Monday,23 October, 2017
Current issue | Issue 1144, 18 - 24 April 2013
Monday,23 October, 2017
Issue 1144, 18 - 24 April 2013

Ahram Weekly

The two Obamas

Even as President Barack Obama has been mourning the deaths of children killed by a lone gunman in the US, he has been ordering the deaths of Afghan children, writes Ralph Nader

Al-Ahram Weekly

A photograph brought the horror of little children lying dead outside their home to an American audience. At least 10 Afghan children and some of their mothers were struck down by an airstrike on their extended family household by order of US President Barack Obama.

He probably decided on what his aides describe as the routine weekly “Terror Tuesday” at the White House. On that day, Obama typically receives advice about which “militants” should live or die thousands of miles away from drones or aircraft. Even if households far from war zones are often destroyed in clear violation of the laws of war, the president is not deterred.

These Obama airstrikes are launched knowing that very often there is “collateral damage”, that is a form of “so sorry terrorism”. How can the president explain the vaporisation of a dozen pre-teenage Afghan boys collecting firewood for their families on a hillside? The local spotter-informants must have been disoriented by all those $100 bills in rewards.

Imagine a direct strike killing and injuring scores of people in a funeral procession following a previous fatal strike that was the occasion of this processional mourning. Remember the December 2009 Obama strike on an alleged Al-Qaeda training camp in Yemen using Tomahawk missiles and — get this — cluster bombs that killed 14 women and 21 children. Again and again, “so sorry terrorism” ravages family households far from the battlefields.

If this is a war, why hasn’t the US Congress declared war under Article 1, Section 8 of the country’s constitution? The 2001 Congressional authorisation to use military force is not an open-ended authorisation for the president. It was restricted to targeting only nations, organisations or persons that are determined to have been implicated in the 9/11 massacres, or harboured complicit organisations or persons.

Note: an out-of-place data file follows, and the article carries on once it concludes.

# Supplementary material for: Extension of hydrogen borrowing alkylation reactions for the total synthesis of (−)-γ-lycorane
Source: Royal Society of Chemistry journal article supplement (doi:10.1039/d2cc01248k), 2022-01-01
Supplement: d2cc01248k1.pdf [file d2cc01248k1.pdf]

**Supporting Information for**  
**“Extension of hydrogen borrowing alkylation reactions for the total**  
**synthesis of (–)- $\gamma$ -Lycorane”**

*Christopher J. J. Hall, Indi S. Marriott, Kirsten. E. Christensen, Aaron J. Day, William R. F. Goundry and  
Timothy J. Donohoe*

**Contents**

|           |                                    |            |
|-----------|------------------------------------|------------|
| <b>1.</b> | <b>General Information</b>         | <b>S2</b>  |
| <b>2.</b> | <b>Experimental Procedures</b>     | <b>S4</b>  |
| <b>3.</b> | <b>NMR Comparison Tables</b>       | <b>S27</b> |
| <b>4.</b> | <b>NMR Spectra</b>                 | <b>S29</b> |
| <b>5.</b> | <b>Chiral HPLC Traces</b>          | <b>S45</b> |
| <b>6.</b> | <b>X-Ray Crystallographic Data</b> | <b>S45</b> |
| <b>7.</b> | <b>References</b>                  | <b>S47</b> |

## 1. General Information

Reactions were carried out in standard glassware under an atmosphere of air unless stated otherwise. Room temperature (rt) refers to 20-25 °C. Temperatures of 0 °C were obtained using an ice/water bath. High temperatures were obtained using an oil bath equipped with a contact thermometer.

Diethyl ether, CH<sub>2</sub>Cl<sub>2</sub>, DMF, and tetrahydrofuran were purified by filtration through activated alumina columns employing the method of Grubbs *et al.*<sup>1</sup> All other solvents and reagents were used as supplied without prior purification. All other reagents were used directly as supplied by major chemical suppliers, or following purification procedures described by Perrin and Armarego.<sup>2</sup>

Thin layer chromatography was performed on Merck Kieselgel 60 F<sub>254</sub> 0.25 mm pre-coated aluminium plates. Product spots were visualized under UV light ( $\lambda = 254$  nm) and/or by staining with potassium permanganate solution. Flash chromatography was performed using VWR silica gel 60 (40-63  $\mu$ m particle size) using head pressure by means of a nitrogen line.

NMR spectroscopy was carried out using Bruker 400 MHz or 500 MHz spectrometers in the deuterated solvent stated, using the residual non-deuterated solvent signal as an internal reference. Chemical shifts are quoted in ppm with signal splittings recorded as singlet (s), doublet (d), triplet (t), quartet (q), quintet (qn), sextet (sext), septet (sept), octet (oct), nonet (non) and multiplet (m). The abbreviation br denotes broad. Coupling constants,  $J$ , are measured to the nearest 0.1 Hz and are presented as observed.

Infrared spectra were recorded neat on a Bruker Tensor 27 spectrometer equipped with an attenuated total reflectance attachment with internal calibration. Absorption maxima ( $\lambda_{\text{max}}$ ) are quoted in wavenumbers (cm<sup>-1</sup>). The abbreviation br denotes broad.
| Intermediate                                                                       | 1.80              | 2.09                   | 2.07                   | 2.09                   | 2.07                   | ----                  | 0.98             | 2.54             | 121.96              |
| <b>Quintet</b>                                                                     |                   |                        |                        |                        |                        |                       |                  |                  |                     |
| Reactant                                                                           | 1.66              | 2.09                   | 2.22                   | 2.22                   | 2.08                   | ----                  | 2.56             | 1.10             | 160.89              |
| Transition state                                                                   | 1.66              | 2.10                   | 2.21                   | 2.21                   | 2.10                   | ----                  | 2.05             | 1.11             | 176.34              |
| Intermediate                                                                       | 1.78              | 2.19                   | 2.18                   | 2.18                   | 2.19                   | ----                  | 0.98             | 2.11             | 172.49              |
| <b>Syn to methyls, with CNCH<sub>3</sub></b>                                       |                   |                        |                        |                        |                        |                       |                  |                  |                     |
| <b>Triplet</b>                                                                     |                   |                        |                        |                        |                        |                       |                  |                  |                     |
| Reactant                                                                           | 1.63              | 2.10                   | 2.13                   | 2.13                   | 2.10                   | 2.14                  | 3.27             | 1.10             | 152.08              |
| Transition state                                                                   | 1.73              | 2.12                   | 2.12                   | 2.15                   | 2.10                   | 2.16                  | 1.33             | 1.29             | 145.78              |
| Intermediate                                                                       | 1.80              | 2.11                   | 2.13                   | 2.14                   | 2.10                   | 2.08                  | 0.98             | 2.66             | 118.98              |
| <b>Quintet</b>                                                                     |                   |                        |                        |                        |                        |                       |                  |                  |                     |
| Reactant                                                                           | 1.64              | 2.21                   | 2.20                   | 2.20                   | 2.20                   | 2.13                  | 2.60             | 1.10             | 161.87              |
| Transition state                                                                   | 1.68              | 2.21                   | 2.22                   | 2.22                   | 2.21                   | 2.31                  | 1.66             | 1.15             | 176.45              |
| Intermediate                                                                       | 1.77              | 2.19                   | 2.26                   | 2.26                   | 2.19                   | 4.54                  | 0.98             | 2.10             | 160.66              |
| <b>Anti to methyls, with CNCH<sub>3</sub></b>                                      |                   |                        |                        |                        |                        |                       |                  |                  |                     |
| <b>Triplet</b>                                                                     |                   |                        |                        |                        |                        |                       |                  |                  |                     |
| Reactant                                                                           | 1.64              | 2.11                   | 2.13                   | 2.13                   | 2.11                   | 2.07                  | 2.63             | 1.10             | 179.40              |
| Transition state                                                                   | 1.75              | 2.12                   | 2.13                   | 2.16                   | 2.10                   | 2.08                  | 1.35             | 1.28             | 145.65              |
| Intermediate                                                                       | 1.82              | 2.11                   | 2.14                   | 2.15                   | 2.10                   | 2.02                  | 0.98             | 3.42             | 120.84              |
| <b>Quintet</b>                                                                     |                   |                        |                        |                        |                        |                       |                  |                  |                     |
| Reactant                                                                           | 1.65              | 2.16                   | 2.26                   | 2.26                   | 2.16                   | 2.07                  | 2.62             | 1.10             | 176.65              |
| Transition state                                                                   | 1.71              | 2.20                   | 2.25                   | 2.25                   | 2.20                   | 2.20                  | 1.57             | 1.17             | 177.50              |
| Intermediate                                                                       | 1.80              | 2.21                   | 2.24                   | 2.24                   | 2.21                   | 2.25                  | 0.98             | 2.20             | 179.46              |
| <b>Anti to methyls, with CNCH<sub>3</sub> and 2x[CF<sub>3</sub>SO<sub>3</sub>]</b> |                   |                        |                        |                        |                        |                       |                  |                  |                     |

For several years, White House officials, including retired General James Jones, have declared that there is no real operational Al-Qaeda left in Afghanistan to harbour anyone. The Pakistani Taliban is in conflict with the Pakistani government. The Afghan Taliban is in brutal conflict with the Afghanistan government and wants to expel US forces as their members view occupying-invaders, just as their predecessors did when they expelled the Soviet invaders. The Taliban represent no imminent threat to the US.

President Obama’s ambassador to Pakistan, Cameron P. Munter, used to complain to his colleagues about the CIA’s drone attacks saying “he didn’t realise his main job was to kill people.” He knew how such attacks by whining drones, hovering 24/7 over millions of frightened people and their terrified children, produce serious backlashes that fester for years.

Even a loyalist such as William M. Daley, Obama’s chief of staff in 2011, observed that the Obama kill list presents less and less significant pursuits. “One guy gets knocked off, and the guy’s driver, who’s No. 21, becomes 20?” Daley asked, describing the internal discussion. “At what point are you just filling the bucket with numbers?”

Yet this unlawful killing by a seemingly obsessed Obama continues and includes anyone in the vicinity of a “suspect” whose name isn’t even known (these are called “signature strikes”), or mistakes, like the recent aerial killings of numerous Pakistani soldiers and four Afghan policemen considered our allies. The drone kill list goes on and on — over 3,000 is the official fatality count, not counting injuries.